The Forty Days of Musa Dagh

The Forty Days of Musa Dagh (Die vierzig Tage des Musa Dagh) is a 1933 novel by Austrian writer Franz Werfel based on true events that took place in 1915, during the second year of World War I and at the beginning of the Armenian Genocide. The novel focuses on the defense of a small community of Armenians living in the mountainous region of Hatay Province of the former Ottoman Empire—now part of present-day southern Turkey on the Mediterranean coast—as well the events in Istanbul and provincial capitals, where the Young Turkish government orchestrated the deportations, concentration camps, and massacres of the empire's Armenian citizens. This policy, as well as who bore responsibility for it, has been controversial and contested since 1915. Because of this, or perhaps in spite of it, the facts and scope of the Armenian Genocide were little known until Werfel’s novel, which entailed voluminous research and is generally accepted as based on historical events.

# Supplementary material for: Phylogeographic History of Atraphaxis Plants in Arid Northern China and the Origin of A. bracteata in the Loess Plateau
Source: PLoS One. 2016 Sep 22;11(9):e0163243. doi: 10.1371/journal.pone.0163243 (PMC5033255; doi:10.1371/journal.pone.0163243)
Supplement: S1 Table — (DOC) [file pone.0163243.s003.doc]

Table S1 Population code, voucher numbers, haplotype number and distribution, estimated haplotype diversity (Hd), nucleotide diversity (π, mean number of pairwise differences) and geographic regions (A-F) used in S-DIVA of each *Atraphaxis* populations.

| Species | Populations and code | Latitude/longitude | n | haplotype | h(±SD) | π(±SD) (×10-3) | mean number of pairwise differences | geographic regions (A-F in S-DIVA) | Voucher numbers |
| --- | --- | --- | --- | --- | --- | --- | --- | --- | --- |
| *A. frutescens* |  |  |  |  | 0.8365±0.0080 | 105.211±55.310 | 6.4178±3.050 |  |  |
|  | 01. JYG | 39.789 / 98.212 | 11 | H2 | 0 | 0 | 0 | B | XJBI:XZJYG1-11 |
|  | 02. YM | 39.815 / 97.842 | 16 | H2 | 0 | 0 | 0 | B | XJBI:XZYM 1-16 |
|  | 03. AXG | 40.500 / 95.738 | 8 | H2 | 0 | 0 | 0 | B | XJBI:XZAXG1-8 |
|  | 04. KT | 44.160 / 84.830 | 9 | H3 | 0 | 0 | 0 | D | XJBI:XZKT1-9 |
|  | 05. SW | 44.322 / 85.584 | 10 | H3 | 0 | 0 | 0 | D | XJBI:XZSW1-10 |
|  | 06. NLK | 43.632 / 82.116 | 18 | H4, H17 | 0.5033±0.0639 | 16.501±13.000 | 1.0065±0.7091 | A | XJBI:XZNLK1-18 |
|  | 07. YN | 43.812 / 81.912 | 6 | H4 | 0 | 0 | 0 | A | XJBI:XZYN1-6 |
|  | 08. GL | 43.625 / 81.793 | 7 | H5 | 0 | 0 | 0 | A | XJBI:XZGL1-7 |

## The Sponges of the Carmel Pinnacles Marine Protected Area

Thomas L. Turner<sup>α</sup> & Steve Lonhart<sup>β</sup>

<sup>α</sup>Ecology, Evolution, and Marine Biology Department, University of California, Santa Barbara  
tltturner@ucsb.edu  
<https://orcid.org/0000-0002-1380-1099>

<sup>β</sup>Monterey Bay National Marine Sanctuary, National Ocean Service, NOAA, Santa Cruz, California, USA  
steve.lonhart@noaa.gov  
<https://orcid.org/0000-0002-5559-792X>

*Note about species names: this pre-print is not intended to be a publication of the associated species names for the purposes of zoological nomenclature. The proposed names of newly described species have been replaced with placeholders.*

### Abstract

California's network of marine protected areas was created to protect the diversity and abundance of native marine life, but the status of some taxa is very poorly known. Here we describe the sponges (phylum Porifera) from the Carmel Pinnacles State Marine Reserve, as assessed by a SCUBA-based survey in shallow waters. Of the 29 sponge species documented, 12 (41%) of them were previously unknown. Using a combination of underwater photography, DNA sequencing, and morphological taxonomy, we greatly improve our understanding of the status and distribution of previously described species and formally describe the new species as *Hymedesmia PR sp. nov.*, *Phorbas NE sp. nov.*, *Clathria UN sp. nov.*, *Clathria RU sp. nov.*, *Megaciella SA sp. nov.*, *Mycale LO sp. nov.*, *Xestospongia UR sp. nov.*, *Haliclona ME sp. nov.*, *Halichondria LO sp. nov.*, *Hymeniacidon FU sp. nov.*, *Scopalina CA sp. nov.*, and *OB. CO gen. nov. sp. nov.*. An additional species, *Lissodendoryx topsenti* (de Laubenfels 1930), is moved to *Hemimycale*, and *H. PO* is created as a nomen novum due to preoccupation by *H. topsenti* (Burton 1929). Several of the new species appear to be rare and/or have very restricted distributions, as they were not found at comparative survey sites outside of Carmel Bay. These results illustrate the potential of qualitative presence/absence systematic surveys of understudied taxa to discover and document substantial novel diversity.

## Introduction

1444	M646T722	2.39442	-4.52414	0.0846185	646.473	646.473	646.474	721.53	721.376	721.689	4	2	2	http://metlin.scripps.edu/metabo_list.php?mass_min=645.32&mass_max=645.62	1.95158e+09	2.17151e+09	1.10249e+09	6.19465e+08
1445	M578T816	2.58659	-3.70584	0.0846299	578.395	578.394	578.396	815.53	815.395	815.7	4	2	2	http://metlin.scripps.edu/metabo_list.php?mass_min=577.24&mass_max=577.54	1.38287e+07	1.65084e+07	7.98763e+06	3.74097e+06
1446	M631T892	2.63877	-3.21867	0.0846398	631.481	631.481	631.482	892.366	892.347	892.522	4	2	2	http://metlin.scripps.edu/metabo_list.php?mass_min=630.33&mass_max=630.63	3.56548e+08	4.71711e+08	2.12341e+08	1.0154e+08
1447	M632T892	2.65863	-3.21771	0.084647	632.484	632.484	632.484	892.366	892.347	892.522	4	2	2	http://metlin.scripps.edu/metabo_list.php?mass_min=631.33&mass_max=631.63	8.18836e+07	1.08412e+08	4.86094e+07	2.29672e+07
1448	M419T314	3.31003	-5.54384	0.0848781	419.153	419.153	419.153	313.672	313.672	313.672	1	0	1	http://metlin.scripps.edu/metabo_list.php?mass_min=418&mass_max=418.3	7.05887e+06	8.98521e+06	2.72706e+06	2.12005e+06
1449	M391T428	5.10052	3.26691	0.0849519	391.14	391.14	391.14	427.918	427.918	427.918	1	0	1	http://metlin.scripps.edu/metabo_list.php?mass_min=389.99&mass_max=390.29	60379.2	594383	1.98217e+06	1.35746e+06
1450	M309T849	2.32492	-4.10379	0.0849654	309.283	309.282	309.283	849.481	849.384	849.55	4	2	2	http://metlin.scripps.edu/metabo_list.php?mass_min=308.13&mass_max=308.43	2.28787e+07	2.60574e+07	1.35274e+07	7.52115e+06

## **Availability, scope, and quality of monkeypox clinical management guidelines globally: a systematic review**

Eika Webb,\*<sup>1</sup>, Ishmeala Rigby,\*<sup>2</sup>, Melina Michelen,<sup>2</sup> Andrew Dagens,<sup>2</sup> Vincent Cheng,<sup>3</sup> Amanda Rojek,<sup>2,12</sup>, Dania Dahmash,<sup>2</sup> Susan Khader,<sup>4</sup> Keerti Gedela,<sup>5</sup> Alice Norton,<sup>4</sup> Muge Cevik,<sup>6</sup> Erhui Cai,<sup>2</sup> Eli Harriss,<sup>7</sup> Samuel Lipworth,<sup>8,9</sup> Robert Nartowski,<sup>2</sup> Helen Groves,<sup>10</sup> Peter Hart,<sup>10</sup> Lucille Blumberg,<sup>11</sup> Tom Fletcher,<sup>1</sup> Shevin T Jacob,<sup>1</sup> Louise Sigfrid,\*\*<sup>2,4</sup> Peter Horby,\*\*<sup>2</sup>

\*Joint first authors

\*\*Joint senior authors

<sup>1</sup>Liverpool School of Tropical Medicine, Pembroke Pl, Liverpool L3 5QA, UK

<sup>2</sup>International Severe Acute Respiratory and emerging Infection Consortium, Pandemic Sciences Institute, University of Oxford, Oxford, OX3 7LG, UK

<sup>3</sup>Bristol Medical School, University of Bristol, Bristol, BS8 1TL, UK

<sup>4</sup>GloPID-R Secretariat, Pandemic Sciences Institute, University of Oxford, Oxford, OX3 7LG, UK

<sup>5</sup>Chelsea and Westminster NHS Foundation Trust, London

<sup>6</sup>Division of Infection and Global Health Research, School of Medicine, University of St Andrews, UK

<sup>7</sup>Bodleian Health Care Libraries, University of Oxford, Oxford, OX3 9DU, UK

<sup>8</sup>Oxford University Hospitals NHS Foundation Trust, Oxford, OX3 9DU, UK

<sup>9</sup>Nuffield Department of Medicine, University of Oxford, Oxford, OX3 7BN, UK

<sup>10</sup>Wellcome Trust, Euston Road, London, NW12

The novel was originally published as Die Vierzig Tage des Musa Dagh in German in November 1933. It achieved great international success and has been credited with awakening the world to the evidence of the persecution and partial destruction of the Armenian nation during World War I. The Forty Days of Musa Dagh also foreshadows the Holocaust of World War II due in part to the rise of Adolf Hitler and Nazi Germany, which paralleled the novel's creation. In 2012, the publisher David R. Godine issued a revised and expanded English translation of The Forty Days of Musa Dagh that incorporates virtually all of the material left out of Geoffrey Dunlop's 1934 translation.

Read more about The Forty Days Of Musa DaghInitial Reception and Censorship, Historical Notes, Objections and Obstructions of Film Adaptations

Famous quotes containing the words days and/or forty:

    The rain has spoiled the farmer’s day;
    Shall sorrow put my books away?
    Thereby are two days lost.
    Ralph Waldo Emerson (1803–1882)

    Still falls the Rain—
    Dark as the world of man, black as our loss—
    Blind as the nineteen hundred and forty nails
    Upon the Cross.
    Dame Edith Sitwell (1887–1964)